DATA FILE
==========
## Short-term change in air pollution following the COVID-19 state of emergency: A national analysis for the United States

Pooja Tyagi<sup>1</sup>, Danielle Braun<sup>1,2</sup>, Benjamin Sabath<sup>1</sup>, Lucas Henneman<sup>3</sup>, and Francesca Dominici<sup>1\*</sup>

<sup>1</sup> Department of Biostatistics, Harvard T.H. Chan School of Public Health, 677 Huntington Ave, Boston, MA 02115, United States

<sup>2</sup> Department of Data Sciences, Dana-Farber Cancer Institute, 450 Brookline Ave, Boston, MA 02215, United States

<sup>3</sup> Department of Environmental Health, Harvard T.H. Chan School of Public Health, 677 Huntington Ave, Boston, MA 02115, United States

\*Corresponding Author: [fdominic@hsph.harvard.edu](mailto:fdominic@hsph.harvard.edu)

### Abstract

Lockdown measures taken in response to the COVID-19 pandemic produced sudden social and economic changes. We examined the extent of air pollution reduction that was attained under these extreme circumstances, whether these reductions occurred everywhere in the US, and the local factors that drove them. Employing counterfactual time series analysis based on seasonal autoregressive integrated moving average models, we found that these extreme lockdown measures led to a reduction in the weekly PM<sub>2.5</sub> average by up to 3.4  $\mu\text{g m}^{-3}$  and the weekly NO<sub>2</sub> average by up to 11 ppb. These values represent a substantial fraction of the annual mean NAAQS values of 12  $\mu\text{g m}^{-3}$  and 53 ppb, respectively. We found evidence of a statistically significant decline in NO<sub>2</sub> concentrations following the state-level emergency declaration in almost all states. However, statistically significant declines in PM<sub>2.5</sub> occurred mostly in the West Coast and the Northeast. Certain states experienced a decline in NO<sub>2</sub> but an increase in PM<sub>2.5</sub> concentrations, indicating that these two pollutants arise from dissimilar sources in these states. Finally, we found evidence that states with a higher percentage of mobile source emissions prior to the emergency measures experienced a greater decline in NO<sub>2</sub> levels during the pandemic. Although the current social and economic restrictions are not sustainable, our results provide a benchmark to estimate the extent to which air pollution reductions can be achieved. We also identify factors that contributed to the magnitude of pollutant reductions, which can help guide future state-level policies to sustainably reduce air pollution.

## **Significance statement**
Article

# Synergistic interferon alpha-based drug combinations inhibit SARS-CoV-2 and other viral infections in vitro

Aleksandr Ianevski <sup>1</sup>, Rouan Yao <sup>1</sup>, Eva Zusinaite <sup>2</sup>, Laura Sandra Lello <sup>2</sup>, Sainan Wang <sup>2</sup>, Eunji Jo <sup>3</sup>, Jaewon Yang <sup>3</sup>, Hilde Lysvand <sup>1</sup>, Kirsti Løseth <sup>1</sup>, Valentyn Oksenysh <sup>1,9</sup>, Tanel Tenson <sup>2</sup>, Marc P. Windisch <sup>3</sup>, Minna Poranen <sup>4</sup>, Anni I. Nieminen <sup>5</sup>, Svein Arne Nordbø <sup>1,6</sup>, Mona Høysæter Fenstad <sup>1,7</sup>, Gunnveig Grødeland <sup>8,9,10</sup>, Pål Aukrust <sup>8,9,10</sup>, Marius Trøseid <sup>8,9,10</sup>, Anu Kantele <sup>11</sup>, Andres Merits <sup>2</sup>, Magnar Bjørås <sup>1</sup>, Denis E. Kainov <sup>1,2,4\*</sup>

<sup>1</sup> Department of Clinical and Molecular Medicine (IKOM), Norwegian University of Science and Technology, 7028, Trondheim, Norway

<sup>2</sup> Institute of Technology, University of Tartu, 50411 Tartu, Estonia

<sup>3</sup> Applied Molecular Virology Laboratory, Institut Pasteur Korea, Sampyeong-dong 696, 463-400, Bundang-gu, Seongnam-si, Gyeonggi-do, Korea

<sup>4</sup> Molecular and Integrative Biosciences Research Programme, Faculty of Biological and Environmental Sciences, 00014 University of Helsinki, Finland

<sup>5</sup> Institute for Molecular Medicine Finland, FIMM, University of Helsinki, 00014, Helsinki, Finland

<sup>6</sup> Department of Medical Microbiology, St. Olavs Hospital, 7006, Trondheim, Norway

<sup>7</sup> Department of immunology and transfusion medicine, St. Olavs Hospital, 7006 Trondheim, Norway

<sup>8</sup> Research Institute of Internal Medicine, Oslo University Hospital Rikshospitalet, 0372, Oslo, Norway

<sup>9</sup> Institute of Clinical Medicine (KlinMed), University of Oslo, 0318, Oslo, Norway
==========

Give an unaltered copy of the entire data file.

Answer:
## Short-term change in air pollution following the COVID-19 state of emergency: A national analysis for the United States

Pooja Tyagi<sup>1</sup>, Danielle Braun<sup>1,2</sup>, Benjamin Sabath<sup>1</sup>, Lucas Henneman<sup>3</sup>, and Francesca Dominici<sup>1\*</sup>

<sup>1</sup> Department of Biostatistics, Harvard T.H. Chan School of Public Health, 677 Huntington Ave, Boston, MA 02115, United States

<sup>2</sup> Department of Data Sciences, Dana-Farber Cancer Institute, 450 Brookline Ave, Boston, MA 02215, United States

<sup>3</sup> Department of Environmental Health, Harvard T.H. Chan School of Public Health, 677 Huntington Ave, Boston, MA 02115, United States

\*Corresponding Author: [fdominic@hsph.harvard.edu](mailto:fdominic@hsph.harvard.edu)

### Abstract

Lockdown measures taken in response to the COVID-19 pandemic produced sudden social and economic changes. We examined the extent of air pollution reduction that was attained under these extreme circumstances, whether these reductions occurred everywhere in the US, and the local factors that drove them. Employing counterfactual time series analysis based on seasonal autoregressive integrated moving average models, we found that these extreme lockdown measures led to a reduction in the weekly PM<sub>2.5</sub> average by up to 3.4  $\mu\text{g m}^{-3}$  and the weekly NO<sub>2</sub> average by up to 11 ppb. These values represent a substantial fraction of the annual mean NAAQS values of 12  $\mu\text{g m}^{-3}$  and 53 ppb, respectively. We found evidence of a statistically significant decline in NO<sub>2</sub> concentrations following the state-level emergency declaration in almost all states. However, statistically significant declines in PM<sub>2.5</sub> occurred mostly in the West Coast and the Northeast. Certain states experienced a decline in NO<sub>2</sub> but an increase in PM<sub>2.5</sub> concentrations, indicating that these two pollutants arise from dissimilar sources in these states. Finally, we found evidence that states with a higher percentage of mobile source emissions prior to the emergency measures experienced a greater decline in NO<sub>2</sub> levels during the pandemic. Although the current social and economic restrictions are not sustainable, our results provide a benchmark to estimate the extent to which air pollution reductions can be achieved. We also identify factors that contributed to the magnitude of pollutant reductions, which can help guide future state-level policies to sustainably reduce air pollution.

## **Significance statement**
Article

# Synergistic interferon alpha-based drug combinations inhibit SARS-CoV-2 and other viral infections in vitro

Aleksandr Ianevski <sup>1</sup>, Rouan Yao <sup>1</sup>, Eva Zusinaite <sup>2</sup>, Laura Sandra Lello <sup>2</sup>, Sainan Wang <sup>2</sup>, Eunji Jo <sup>3</sup>, Jaewon Yang <sup>3</sup>, Hilde Lysvand <sup>1</sup>, Kirsti Løseth <sup>1</sup>, Valentyn Oksenysh <sup>1,9</sup>, Tanel Tenson <sup>2</sup>, Marc P. Windisch <sup>3</sup>, Minna Poranen <sup>4</sup>, Anni I. Nieminen <sup>5</sup>, Svein Arne Nordbø <sup>1,6</sup>, Mona Høysæter Fenstad <sup>1,7</sup>, Gunnveig Grødeland <sup>8,9,10</sup>, Pål Aukrust <sup>8,9,10</sup>, Marius Trøseid <sup>8,9,10</sup>, Anu Kantele <sup>11</sup>, Andres Merits <sup>2</sup>, Magnar Bjørås <sup>1</sup>, Denis E. Kainov <sup>1,2,4\*</sup>

<sup>1</sup> Department of Clinical and Molecular Medicine (IKOM), Norwegian University of Science and Technology, 7028, Trondheim, Norway

<sup>2</sup> Institute of Technology, University of Tartu, 50411 Tartu, Estonia

<sup>3</sup> Applied Molecular Virology Laboratory, Institut Pasteur Korea, Sampyeong-dong 696, 463-400, Bundang-gu, Seongnam-si, Gyeonggi-do, Korea

<sup>4</sup> Molecular and Integrative Biosciences Research Programme, Faculty of Biological and Environmental Sciences, 00014 University of Helsinki, Finland

<sup>5</sup> Institute for Molecular Medicine Finland, FIMM, University of Helsinki, 00014, Helsinki, Finland

<sup>6</sup> Department of Medical Microbiology, St. Olavs Hospital, 7006, Trondheim, Norway

<sup>7</sup> Department of immunology and transfusion medicine, St. Olavs Hospital, 7006 Trondheim, Norway

<sup>8</sup> Research Institute of Internal Medicine, Oslo University Hospital Rikshospitalet, 0372, Oslo, Norway

<sup>9</sup> Institute of Clinical Medicine (KlinMed), University of Oslo, 0318, Oslo, Norway